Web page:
controls. Of note, patient-derived EVs inhibited the in vitro differentiation of T regulatory cells and induced the differen- tiation of proinflammatory Th17 cells. RNA dysregulation, including both miRNAs and lncRNAs, has been associated to the pathogenesis of AITD [176, 179–181]. EVs derived from AITD patients showed a higher expression of miR- 146a and miR-155, involved in the differentiation and func- tion of innate and adaptive immunity [178]. Both of these miRNAs are instrumental for function and development of Treg cells. miR-155 also favors the development of inflam- matory T cells including Th17 cells. miR-146a and miR-155 can induce immune cell unbalance characteristic of AITD patients by targeting the SMAD family member 4 (SMAD4) [178]. Circulating EVs may mediate the crosstalk between immune cells, leading to the promotion of cytokine expres- sion in peripheral blood mononuclear cells (PBMCs) and contributing to GD pathogenesis [182]. In particular, four miRNAs (miR-92a-3p, miR-23b-5p, miR-339-5p, and let7g- 3p) have been detected in EVs [183], suggesting their role in the upregulated cytokine production in intractable GD. The coincubation of EVs isolated from GD patients’ sera can stimulate the mRNA expression of IL-1β and TNF-α in PBMCs, compared with EVs from GD patients in remission or from healthy controls [182]. GD patients in remission show an increase in circulating miR-23b-5p and miR-92a- 3p and a decrease of let-7g-3p and miR-339-5p compared to intractable GD patients [182]. The higher expression of these two miRNAs suggests their role as regulators of immune suppression in proinflammatory mechanisms of autoimmune disorders and their association to disease’s remission. In addition, miR-339-5p is decreased in GD patients in remission versus intractable GD patients and regulates the expression of sodium-iodine symporter. This protein is involved in the response to radioactive iodine (RAI) therapy [184], a treatment for hyperactive thyroid states including thyroid cancer and Graves’ disease [185]. Together, these studies candidate EVs as accessible bio- markers for monitoring or predicting disease activity as well as therapy outcomes in thyroid diseases.
  2. The Role of EVs in Preeclampsia
    EVs and their RNA cargo have been intensively studied for their role in physiology and pathophysiology in the context of reproduction such as sperm maturation, ovarian follicle and oocyte maturation, as well as fertilization, and pregnancy (as previously reviewed [186, 187]). During pregnancy, pla- cental EVs physiologically increase their concentration into circulation and mediate several biological processes, includ- ing endometrium remodeling and immunological communi- cation between the mother and the fetus [188–192]. For instance, hypoxia during early pregnancy induces the release from cytotrophoblast cells and placental MSCs of a higher number of EVs with different contents and activities [193, 194]. EVs have been reported to contribute to spiral artery remodeling essential to provide a satisfactory nutri- ent exchange at the maternal-fetal interface [195]. One example of EV immunological properties is represented by their capacity to confer viral resistance. In fact, both

International Journal of Endocrinology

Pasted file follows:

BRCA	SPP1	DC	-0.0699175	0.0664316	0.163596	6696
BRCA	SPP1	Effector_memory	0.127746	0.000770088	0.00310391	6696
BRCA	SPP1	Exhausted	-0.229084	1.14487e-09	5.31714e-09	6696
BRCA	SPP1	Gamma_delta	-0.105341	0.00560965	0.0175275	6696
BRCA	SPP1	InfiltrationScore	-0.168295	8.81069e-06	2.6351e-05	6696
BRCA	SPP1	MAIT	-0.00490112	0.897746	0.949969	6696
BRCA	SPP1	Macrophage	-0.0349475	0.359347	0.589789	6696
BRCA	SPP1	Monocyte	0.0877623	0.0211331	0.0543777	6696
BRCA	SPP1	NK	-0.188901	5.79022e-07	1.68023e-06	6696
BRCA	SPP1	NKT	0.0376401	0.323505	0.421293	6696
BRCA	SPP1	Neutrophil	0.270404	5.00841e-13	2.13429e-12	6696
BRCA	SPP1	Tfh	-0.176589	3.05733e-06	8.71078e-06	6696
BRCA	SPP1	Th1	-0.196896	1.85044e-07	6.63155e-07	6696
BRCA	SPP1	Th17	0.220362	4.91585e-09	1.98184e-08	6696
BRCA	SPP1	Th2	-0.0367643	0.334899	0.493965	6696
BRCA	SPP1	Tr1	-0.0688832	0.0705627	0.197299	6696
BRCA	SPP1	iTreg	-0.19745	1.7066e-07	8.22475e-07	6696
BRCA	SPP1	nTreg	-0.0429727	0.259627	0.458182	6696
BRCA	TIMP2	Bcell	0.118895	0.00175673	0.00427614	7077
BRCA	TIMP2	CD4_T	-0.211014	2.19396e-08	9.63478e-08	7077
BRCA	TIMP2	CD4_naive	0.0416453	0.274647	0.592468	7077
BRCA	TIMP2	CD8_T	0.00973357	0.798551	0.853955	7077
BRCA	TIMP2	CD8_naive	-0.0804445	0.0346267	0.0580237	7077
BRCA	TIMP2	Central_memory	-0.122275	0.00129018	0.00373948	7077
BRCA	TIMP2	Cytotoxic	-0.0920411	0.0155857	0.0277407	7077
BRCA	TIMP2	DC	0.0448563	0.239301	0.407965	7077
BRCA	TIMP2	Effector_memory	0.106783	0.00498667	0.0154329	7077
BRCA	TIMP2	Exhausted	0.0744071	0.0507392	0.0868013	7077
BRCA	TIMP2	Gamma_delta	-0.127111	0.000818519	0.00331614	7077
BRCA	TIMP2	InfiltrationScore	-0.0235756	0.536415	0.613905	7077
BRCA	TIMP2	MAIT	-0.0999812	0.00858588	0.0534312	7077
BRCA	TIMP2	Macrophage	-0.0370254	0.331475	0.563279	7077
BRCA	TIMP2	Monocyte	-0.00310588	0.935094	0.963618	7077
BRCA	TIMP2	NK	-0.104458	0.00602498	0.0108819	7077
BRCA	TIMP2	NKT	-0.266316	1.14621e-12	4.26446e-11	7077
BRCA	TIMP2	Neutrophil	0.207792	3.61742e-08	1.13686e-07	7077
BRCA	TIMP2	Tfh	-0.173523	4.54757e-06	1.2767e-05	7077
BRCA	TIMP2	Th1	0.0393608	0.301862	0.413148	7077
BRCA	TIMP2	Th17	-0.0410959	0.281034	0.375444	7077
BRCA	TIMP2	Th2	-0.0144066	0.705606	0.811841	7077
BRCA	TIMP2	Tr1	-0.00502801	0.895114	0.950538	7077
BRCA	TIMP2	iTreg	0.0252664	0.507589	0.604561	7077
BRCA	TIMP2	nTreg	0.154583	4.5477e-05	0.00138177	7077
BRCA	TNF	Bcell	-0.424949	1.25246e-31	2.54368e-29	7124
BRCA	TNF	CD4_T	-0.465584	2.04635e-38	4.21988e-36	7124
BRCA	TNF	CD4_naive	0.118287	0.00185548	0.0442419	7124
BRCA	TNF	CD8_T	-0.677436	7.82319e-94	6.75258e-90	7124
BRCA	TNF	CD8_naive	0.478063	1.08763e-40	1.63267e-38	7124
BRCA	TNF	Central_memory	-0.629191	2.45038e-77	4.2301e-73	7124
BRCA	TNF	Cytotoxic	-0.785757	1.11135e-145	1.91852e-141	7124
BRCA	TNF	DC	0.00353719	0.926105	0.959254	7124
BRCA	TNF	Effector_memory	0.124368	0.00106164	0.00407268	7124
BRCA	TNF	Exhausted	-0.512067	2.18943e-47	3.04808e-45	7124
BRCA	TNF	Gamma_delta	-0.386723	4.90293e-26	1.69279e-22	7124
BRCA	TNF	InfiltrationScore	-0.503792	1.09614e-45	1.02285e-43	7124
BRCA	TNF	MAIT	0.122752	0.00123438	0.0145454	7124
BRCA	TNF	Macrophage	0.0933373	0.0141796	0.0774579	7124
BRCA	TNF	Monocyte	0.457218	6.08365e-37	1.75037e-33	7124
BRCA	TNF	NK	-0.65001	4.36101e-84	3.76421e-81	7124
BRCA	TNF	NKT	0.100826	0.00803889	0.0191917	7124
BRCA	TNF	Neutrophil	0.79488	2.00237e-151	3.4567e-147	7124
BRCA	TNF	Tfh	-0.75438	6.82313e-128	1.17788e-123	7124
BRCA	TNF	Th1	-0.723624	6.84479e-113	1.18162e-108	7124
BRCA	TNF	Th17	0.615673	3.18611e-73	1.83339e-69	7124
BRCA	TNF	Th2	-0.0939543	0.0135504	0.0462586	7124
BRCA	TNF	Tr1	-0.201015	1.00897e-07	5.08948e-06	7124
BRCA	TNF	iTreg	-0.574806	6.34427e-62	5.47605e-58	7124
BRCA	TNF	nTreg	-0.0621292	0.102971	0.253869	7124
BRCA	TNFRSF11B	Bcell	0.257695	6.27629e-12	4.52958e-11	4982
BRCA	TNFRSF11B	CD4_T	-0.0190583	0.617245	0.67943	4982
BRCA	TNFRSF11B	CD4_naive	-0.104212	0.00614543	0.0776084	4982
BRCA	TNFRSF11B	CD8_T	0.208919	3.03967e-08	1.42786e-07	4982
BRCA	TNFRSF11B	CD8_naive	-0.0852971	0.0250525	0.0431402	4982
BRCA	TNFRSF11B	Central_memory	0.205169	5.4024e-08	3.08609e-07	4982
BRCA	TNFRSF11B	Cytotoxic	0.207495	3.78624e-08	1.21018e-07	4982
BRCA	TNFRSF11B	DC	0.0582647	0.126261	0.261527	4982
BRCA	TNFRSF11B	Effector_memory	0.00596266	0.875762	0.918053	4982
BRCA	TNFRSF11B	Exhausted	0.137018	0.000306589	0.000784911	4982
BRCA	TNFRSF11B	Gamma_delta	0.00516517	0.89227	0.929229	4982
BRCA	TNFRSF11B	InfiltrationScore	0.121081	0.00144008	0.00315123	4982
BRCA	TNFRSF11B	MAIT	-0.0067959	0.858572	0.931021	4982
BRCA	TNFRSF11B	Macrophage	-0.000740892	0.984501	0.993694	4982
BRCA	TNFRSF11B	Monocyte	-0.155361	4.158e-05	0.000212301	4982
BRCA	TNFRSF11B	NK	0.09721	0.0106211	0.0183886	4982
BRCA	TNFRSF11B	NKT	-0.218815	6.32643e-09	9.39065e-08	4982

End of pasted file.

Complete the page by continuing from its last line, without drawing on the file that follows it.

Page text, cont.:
placenta and trophoblast-derived EVs are able to induce resistance of recipient cells against viral infections [196, 197]. Delorme-Axford et al. [196] demonstrated that this mecha- nism is mediated by the transfer of specific placental miR- NAs. Here, we focus on preeclampsia (PE) and the purported role of EVs. Preeclampsia is a multisystem preg- nancy disorder that is associated with major maternal and neonatal morbidities [198, 199]. The cellular mechanisms triggering the development and the progression of PE are still not completely elucidated [200]. PE is characterized by hypertension and a decreased utero-placental blood flow linked with impaired trophoblast invasion. Moreover, hypoxia of the placenta promotes the release of harmful substances into the maternal and feto-placental circulation leading to endothelial dysfunction [201]. Increasing evidence suggests that EVs contribute to the initiation and progression of PE by mediating the complex interactions at the maternal- fetal interface [192, 200–202]. In normal pregnancy, EVs released from the syncytiotrophoblast (STB) (STB-EVs) con- tribute to communication between the maternal endome- trium and the embryo [203]. In PE, STB-EVs are released in significantly increased number and show proinflamma- tory, procoagulant, and antiangiogenic activities, implicating them in the maternal systemic inflammation and endothelial dysfunction [204, 205]. EVs promote vasculogenesis and angiogenesis possibly by transferring miRNAs [201]. Placen- tal EVs contain placental-specific molecules, including proteins (e.g., placental alkaline phosphatase (PLAP)) and miRNAs (e.g., chromosome 19 miRNA cluster) [206, 207]. EVs can also transfer placental-specific miRNA (miR-571a- 3p) as it has been shown into human Treg cells and Jurkat leukemic T-cell line, inducing the repression of a gene target (PRKG1) [208]. Increasing studies have highlighted the potential use of EVs and placenta-derived miRNAs as PE diagnostic tools [192, 205, 209, 210]. In fact, EVs are increased in PE maternal blood [191] and early onset PE [211]. Oxygen tension and hypoxia can modulate the release and the content of EVs from placental and trophoblast cells [193, 194, 212–214]. Using an in vitro model of PE, it has been demonstrated an alteration of miRNA cargo in a specific subpopulation of STB-EVs, with a downregulation of miR-517a, miR-517b, and miR-141 [215]. In a recent study, Salomon et al. [216] demonstrated an increase of total and placenta-EVs in plasma of PE pregnancies compared with healthy subjects. Importantly, EVs in PE patients showed a different content of miRNAs, mainly related to biological processes dysregulated in PE such as migration, placenta development, and angiogenesis. Among miRNAs, the authors identified the upregulation of miR-486-1-5p and miR-486-2-5p as candidate biomarkers to distinguish PE and normal pregnancies for the early detection of women at risk [216]. Therefore, it is plausible that EVs and their miRNA cargo could be useful as early biomarkers of PE thus improving pregnancy outcomes through the pre- vention and the reduction of PE severity. In the future, more information about the role of EVs and their associ- ated RNAs will provide a better understanding as to their capacity to modulate gene targets, endothelial dysfunction, and angiogenesis.